The minority-owned company was founded by Andrew's father, Hermann, who migrated to the United States from Haiti. Even from the earliest days of Colas Construction, Hermann was driven to make sure his company was supporting and encouraging other minority-owned businesses.

"It's the overall philosophy of the company — as we grow, we bring others along with us," Colas, the company's president and CEO, said. "Since my father started the firm, his goal was always to make sure we were able to break down barriers to help other companies get opportunities."

The company currently employs between 75 and 85 people and has about a dozen Portland-area projects under way that represent the company's diverse range of work.

While affordable housing is "near and dear" to the company's heart, Colas Construction's portfolio also includes market-rate housing projects, as well as health care and K-12 work. However, it's the company's work in the Lloyd District that has made recent headlines.

When Colas Construction won the award to handle a major renovation at the Oregon Convention Center, the company's $27 million contract became the largest public contract ever awarded in Oregon to a minority-owned firm.

More recently, it was announced that 50% of work on the project had been awarded to subcontractors with COBID certifications, far exceeding the 30% goal that had been set by project owner Metro. Craig Stroud, executive director of the convention center, gives credit for that accomplishment to the strong relationships that Colas has established with local COBID firms, a group that includes emerging small businesses and minority-, women- and veteran-owned firms.

Andrew Colas is quick to give credit for success on the project to his brother, Alex, who runs the company's special projects division and is project manager for the convention center work.

"He's pretty much lived and breathed that project for the past 18 to 20 months," Colas said.

The company's family leadership ties also include Colas' sister, Aneshka Colas-Dickson, in the roles of CFO and vice president. "She really runs the show," Andrew Colas said

The company's success emerging as a leader among the city's top general contractors has been a deliberate, steady climb, according to Colas. The company carefully picked larger companies to partner with on past projects, but always kept focused on the longer-term goal.

"Our intention was always to grow, to be able to compete with the larger firms in town," Colas said. "We've always been focused on finding the right market segments for our business and the right clients. It's really important as you grow as a general contractor."

The company is setting an example for diversity and inclusion on projects that Colas hopes other general contractors will notice and begin to replicate.

"The work we do now, we're really looking to shape the industry and get some of the big firms out there to follow our example," Colas said.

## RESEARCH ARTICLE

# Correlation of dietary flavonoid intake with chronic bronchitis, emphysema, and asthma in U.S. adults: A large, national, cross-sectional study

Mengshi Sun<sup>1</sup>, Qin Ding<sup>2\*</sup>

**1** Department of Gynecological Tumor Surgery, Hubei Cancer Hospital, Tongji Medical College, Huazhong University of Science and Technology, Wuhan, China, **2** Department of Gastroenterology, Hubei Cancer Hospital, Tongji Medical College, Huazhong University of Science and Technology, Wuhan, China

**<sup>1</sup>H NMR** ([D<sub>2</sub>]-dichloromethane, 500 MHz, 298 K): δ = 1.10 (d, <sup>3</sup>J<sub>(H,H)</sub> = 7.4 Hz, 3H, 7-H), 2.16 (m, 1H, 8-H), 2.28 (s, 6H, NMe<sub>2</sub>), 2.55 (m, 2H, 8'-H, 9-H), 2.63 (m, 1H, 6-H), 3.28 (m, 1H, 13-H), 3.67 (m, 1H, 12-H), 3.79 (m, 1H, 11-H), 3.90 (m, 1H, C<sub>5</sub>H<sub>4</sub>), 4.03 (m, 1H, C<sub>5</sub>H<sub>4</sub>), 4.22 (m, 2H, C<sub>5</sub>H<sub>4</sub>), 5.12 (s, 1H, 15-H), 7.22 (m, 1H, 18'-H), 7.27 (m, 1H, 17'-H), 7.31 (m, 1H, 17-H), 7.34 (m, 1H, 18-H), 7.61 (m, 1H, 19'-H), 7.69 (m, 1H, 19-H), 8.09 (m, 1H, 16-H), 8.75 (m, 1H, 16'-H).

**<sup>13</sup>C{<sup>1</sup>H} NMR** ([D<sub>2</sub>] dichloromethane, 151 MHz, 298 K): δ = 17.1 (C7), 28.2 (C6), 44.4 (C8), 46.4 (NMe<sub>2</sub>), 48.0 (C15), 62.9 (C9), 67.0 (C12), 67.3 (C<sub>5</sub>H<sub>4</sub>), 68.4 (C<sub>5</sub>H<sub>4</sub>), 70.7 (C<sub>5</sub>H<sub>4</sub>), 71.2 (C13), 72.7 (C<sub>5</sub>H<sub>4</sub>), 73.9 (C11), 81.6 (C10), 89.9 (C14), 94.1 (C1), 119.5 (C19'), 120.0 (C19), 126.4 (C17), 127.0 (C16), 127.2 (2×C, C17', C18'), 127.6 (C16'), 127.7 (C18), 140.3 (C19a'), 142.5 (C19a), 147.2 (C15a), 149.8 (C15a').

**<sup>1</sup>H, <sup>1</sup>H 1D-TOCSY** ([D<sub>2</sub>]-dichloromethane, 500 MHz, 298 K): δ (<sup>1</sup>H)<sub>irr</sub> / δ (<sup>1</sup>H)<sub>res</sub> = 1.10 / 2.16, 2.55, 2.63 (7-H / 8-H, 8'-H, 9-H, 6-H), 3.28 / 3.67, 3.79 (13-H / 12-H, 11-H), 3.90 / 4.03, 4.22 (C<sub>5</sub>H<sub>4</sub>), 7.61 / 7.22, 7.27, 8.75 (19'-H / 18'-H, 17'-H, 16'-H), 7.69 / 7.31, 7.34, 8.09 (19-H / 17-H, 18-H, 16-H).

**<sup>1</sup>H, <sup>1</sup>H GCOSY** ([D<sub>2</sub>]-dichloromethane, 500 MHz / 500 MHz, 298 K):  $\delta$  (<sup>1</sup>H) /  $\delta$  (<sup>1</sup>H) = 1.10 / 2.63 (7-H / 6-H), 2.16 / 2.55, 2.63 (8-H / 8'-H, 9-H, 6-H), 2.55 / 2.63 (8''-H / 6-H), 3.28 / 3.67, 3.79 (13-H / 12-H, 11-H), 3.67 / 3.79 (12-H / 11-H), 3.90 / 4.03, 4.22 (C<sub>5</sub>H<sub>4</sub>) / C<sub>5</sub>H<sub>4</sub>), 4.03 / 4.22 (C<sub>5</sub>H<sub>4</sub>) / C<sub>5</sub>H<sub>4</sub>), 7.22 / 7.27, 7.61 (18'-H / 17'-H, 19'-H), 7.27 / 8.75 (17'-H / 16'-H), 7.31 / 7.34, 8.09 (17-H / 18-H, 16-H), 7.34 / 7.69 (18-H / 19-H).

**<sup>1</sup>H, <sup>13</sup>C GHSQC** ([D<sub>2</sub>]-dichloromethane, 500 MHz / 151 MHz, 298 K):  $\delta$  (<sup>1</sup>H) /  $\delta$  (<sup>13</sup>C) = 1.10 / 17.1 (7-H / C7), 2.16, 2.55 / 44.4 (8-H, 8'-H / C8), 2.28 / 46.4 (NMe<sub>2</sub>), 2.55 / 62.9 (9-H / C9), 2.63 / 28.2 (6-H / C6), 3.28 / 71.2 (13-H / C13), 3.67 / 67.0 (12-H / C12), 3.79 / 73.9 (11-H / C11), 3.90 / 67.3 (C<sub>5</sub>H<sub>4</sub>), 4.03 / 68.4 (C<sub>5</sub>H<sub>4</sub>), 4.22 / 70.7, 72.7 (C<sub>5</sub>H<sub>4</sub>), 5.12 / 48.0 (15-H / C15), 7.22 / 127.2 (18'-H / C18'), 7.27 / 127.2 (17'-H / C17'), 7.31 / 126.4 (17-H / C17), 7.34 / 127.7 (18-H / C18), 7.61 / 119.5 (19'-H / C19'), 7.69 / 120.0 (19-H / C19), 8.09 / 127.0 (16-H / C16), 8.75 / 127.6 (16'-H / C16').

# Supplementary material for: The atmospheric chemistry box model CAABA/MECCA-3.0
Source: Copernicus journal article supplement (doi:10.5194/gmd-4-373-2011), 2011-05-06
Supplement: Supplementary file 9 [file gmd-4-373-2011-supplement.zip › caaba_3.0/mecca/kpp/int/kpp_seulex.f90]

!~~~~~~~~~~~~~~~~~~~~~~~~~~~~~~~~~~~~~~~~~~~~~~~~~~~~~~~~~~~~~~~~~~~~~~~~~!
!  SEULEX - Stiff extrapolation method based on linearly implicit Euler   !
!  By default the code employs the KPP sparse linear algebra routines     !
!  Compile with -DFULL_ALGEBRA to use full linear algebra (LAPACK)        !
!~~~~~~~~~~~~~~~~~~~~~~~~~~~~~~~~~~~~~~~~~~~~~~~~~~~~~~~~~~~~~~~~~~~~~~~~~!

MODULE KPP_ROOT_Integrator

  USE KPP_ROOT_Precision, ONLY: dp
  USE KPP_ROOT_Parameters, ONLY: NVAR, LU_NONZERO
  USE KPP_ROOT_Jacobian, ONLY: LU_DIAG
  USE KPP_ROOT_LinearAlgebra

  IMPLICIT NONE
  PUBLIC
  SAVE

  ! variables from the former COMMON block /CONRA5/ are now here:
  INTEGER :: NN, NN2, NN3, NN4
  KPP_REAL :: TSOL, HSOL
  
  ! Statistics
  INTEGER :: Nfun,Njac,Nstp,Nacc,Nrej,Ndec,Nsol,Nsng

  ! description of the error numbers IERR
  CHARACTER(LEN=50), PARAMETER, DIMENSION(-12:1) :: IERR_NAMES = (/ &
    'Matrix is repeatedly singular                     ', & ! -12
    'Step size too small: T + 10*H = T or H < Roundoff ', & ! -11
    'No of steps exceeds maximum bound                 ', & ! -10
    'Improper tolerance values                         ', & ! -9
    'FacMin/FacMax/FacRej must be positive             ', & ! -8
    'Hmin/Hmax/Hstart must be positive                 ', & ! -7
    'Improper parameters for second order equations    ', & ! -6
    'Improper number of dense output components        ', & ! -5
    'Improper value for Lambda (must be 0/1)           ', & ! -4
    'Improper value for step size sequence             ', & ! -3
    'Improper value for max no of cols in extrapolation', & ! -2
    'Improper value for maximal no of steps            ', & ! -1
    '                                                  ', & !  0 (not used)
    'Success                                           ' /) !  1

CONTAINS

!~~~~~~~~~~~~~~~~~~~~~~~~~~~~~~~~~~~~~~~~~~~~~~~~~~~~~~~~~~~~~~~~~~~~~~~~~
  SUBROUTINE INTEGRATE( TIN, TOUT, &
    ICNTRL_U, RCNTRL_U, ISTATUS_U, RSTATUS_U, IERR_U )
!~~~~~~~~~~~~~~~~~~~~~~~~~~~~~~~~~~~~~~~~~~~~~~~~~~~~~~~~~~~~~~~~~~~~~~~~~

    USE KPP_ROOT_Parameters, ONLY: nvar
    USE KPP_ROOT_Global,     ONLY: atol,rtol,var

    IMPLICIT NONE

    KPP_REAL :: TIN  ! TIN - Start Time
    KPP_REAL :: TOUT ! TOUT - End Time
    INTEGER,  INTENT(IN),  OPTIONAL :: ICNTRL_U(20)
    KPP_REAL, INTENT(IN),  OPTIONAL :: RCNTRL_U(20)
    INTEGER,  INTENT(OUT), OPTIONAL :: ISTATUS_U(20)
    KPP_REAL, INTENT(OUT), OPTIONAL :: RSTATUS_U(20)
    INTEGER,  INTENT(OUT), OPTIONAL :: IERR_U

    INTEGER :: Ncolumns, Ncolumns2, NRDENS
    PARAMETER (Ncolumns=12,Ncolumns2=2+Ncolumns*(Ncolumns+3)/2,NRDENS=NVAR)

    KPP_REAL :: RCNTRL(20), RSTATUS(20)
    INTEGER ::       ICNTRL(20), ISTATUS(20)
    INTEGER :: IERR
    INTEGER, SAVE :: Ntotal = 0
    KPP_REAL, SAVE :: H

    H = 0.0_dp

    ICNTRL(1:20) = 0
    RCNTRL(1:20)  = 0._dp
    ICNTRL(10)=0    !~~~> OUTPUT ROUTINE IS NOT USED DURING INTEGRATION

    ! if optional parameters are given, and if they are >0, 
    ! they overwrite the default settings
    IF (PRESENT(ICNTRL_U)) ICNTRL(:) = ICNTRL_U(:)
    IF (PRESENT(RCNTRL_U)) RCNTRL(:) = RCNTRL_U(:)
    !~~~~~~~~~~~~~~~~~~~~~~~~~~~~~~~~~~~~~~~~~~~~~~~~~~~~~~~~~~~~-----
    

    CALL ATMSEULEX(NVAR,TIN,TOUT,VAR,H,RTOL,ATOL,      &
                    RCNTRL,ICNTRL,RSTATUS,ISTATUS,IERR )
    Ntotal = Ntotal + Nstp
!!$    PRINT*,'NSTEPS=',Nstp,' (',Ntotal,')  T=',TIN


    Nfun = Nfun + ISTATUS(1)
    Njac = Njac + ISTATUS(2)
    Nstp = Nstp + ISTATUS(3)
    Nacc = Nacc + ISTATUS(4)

He offers some tips for companies looking to move toward similar goals.

"You have to spend time and invest in the growth of relationships — that's the key," Colas said. "You have to build trust."

He also encourages owners and general contractors to move beyond the mindset that diversity and inclusion only apply to public projects.

"If you're a big company, it's about giving firms real opportunities to participate. Maybe it's not only the (public jobs) that have requirements. Doing it early on projects and often — and when it's not required — shows people you're really genuine about it"

BDI Leadership Award: Jan Mason

Jan Mason wasn't expecting the email that arrived alerting her that she had been chosen by the Business Diversity Institute as the recipient of the group's Leadership Award for 2019.

PMG PHOTO: STEPHANIE BASALYGA - Advocating for diversity, inclusion and equity in the building industry has long been a passion for Jan Mason, marketing director and associate vice principal at the Portland firm of Mackenzie.

"I was actually quite surprised," Mason said. "It's a great honor and I have many people to thank who have helped me get to this place."

BDI selected Mason for the award in large part for her role as an advocate for diversity, equity and inclusion — both in the integrated design firm of Mackenzie, where she serves as an associate principal and director of marketing, and in the architecture, engineering and construction community in Portland in general.

Supporting and promoting diversity, inclusion and equity has long been a passion for Mason, who is Filipino American.

"I'm very passionate about my own journey of diversity and equity and inclusion ... and about being able to help have conversations both within my organization and outside in the community," she said. "What I'm passionate about is seeing it be a first thought, rather than an after-thought."

Mason grew up around the building industry, the result of having a father who was a land surveyor. So pursuing a career in the industry made perfect sense.

"I was always around designers, engineers, architects who were friends of the family. I felt very fluent when it came to the (architects, engineering and construction) world. I've been around this industry all my life. So in my career, I feel I bring all of those relationships and all of the knowledge along the way of the many people who have helped lead me to where I am today."